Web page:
Today, Patrick and Shelby are discussing Thunderbolts 19, originally released December 11th, 2013.
So, that’s what life would be like if I invented the Finglonger. A man can dream through… a man can dream…
Dr. Hubert Farnsworth – Futurama, Anthology of Interest
Patrick: What’s the point of a what-if story? We only ever see those kinds of stories once we really know a set of characters. The conceit — such as I understand it — is that our connection to the characters is so strong that it trumps our connection the rest of their reality. We love Bruce Wayne enough that we can see him as a Green Lantern, we love Bart and Lisa enough that we can see them run for their life from cannibalistic lunch ladies. It’s a chance to look at those characters few a different lens. So what does it mean when a character within the story is generating his own ‘what-if’ scenarios?
[This article will contain SPOILERS – even beyond that which I teased in the intro.]
As the Thunderbolts speed away from
Infinity New York City, Red Leader starts to ruminate on… a great many things. Actually, the majority of the issue takes place in his brain, alternating between fantasy and flashback, filling out the motivations and abilities of the series’ most enigmatic character. First, the flashback — and thusly, the motivation: Red Leader rigged the drawing so that the Thunderbolt’s first mission would be one of Punisher’s. Why? Because he knew that any plan of Frank Castles was going to cause an awful lot of death, and that this would trigger Mercy’s freak-out. The alien invasion, and subsequent Inhumaning of the planet, came as a surprise, but whatever (that keeps with the hilariously dismissive theme of the entire last story arc).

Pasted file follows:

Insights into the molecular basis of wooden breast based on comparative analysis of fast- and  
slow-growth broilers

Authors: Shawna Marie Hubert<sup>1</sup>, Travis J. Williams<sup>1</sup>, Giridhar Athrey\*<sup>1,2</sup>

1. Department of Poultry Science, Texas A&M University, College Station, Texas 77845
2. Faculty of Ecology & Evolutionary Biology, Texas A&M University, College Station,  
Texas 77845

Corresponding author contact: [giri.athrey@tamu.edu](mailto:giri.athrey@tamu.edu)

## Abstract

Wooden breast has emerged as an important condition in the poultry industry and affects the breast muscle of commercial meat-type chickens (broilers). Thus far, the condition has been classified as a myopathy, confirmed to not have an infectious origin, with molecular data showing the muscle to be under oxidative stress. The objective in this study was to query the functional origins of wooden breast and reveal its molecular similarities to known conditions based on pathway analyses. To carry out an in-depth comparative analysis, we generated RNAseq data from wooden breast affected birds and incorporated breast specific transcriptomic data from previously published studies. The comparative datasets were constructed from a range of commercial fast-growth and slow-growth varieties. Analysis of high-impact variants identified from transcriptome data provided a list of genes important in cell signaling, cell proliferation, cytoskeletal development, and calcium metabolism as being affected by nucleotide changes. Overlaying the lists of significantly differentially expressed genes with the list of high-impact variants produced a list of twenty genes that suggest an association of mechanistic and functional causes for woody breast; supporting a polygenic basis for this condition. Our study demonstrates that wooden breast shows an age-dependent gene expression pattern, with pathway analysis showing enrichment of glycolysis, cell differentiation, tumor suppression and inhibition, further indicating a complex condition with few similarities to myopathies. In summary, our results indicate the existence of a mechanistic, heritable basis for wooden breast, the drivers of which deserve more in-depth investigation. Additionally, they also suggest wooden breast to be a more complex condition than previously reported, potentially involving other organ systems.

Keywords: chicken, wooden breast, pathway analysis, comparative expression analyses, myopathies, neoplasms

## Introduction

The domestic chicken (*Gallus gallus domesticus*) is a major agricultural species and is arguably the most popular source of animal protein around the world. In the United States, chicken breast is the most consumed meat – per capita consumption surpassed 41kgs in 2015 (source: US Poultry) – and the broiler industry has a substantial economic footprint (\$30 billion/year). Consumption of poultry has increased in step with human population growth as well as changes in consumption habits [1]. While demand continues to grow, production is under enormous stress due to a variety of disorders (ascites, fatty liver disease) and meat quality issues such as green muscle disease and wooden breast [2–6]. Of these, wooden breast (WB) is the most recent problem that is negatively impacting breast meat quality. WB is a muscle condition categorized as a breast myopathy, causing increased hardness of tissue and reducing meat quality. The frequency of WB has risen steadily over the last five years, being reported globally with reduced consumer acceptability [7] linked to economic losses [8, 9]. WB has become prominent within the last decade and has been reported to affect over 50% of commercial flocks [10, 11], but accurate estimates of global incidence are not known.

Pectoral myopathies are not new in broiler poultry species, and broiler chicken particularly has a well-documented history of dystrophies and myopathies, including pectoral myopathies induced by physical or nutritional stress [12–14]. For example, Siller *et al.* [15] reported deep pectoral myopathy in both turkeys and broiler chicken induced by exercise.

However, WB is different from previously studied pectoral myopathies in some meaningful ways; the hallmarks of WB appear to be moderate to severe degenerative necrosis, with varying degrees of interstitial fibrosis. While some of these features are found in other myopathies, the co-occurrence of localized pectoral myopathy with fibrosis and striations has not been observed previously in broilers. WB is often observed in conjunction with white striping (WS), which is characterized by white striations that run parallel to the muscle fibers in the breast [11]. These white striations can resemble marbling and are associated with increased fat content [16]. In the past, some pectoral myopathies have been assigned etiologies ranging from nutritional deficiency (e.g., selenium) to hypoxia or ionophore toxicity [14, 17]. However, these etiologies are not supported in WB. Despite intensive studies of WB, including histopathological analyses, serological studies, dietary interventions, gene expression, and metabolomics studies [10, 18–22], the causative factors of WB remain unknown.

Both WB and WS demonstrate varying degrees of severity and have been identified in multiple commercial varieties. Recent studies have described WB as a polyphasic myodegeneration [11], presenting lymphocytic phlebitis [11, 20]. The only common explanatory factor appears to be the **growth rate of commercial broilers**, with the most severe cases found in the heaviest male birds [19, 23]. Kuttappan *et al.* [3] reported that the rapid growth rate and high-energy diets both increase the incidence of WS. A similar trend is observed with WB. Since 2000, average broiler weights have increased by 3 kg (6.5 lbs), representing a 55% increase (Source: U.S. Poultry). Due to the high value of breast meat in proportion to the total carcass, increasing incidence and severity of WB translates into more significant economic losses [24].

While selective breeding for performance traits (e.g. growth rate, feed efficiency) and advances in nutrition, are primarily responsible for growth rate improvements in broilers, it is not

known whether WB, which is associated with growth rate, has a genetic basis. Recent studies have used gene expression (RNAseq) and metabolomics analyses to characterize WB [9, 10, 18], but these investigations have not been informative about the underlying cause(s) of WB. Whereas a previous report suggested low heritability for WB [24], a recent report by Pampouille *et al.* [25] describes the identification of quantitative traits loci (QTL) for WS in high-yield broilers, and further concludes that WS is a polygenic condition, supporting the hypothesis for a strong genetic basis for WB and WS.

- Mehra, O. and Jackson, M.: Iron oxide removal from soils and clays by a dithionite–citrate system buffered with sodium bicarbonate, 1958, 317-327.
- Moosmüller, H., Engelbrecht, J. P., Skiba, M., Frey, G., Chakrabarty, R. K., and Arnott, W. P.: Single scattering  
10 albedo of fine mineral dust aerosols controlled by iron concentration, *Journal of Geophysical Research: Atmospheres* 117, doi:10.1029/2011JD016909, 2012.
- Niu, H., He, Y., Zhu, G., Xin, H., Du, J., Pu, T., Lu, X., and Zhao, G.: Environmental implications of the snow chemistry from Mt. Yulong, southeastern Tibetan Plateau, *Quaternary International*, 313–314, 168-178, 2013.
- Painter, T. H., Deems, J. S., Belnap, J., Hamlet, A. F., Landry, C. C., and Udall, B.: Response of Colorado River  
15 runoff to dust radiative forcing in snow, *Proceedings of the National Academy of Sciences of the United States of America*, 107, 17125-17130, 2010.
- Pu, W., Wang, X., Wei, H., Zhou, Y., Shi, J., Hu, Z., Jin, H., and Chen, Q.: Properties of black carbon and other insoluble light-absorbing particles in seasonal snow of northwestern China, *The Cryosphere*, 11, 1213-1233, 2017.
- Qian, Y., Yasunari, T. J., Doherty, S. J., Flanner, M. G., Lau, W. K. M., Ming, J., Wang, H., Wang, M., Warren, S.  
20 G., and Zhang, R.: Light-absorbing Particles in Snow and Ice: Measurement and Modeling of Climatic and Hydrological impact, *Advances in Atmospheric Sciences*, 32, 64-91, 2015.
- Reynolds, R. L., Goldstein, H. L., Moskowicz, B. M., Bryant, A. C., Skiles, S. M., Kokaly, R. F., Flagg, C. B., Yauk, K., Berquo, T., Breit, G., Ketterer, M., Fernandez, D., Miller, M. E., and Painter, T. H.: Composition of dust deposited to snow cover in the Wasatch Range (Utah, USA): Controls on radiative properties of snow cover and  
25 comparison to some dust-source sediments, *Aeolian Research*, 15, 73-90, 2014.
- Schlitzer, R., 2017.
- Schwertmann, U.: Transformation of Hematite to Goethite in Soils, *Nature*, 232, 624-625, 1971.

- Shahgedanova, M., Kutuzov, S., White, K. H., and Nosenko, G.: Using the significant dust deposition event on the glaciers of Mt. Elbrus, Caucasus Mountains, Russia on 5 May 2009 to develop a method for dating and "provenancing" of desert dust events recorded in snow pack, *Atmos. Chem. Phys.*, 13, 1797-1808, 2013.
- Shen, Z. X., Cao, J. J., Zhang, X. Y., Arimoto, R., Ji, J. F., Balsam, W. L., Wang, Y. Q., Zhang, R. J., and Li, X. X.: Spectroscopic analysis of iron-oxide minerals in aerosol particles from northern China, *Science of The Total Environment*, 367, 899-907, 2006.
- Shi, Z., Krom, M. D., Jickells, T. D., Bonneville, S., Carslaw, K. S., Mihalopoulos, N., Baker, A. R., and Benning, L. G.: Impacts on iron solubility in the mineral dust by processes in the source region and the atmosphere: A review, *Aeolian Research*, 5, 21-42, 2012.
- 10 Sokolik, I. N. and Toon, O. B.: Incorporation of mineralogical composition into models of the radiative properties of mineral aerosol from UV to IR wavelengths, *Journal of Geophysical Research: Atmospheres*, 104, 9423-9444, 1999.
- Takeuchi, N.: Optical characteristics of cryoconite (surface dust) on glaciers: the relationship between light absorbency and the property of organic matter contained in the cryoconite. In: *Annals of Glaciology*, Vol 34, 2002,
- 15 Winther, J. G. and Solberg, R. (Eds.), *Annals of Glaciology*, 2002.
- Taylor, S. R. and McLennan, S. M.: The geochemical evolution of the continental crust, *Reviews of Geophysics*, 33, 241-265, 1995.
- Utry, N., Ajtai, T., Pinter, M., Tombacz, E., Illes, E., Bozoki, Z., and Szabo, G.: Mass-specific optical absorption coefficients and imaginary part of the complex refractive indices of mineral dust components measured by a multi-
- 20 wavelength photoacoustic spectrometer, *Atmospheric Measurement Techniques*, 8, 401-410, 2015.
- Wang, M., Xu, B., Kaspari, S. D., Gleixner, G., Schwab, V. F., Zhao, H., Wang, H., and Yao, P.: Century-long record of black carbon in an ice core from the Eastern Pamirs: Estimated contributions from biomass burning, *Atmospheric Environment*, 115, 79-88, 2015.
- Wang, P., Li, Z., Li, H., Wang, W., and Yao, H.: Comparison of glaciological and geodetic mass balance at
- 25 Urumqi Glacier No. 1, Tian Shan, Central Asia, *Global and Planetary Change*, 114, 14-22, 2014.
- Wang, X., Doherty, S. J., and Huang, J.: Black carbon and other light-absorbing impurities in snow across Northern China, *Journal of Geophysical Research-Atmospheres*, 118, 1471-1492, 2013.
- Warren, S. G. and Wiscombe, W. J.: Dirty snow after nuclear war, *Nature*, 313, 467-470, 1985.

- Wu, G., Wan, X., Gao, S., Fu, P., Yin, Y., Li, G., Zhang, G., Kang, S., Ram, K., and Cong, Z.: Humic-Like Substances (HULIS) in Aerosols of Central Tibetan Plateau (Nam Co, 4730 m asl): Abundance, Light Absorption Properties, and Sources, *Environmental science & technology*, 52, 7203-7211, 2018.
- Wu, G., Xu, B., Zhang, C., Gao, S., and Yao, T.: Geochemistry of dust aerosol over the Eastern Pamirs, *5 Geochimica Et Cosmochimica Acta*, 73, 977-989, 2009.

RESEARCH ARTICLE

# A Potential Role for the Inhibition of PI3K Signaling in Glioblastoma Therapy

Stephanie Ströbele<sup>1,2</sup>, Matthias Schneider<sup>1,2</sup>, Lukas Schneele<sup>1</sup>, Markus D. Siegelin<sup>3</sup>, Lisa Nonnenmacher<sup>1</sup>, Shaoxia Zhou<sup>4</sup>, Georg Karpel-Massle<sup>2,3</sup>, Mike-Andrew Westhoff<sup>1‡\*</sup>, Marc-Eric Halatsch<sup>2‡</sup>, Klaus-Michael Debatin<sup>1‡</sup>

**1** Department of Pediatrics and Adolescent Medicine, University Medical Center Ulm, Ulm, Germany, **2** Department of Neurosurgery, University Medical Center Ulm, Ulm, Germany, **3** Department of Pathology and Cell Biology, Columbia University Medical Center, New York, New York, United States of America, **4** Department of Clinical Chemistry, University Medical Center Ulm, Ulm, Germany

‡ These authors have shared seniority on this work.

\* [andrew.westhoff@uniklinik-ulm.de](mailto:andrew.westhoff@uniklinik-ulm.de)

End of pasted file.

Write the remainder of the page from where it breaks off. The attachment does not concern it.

It’s unclear to me exactly what Red Leader wants to do with Mercy once she’s been awoken. I referred to Sterns as the most mysterious character in the title, but that’s only if you don’t count Mercy as a character. Which I think is fair: she’s more of a force of nature that will occasionally listen to an appeal to logic. Occasionally. She’s not easily controlled or defeated, and the only thing that seems to get her going is people dying. Not exactly the most pleasant person to be around. Even though we spend the whole issue inside Red Leader’s head, he’s never so careless as to let on to us why he’d want access to a flipped-out Mercy. We just sorta have to take his word that he knows what he’s doing.
And that’s where the ‘fantasy’ part of the issue comes into play. Leader fantasizes a neat, speedy take-down of all of his teammates, ingeniously exploiting their weaknesses one at a time until they’re all dead. Soule and artist Gabriel Hernandez Walta present the fantasy as reality – the flashback sequences are denoted by a glowing pink border, but the fantasy is played straight. I don’t know how long the spell lasted for other people, but I was a few pages into it before I realized that this couldn’t possibly be happening. In fact, it was that cynical “they’re not going to kill Venom” voice in my head that finally spoke up and suggested that I was reading Red Leader’s own what-if-I-killed-everyone scenario.
Ingeniously, the very next page pulls us back into flashback, and Leader’s story-telling authority is re-established as he reveals the details of his plans in New York. As a reader, you’re meant to see a knife through Flash Thompson’s back and say “wait a minute, that can’t be happening, right?” So Soule employs a little misdirection – dangling something readers always say they want right in front of them: answers. Were you a little confused about why Sterns was acting the way he was during the last five issues you read? Well! Don’t pay attention to the curious thing that just happened, I’ve got answers to your mysteries IN THIS HAND OVER HERE! It’s a magic trick: plain and simple.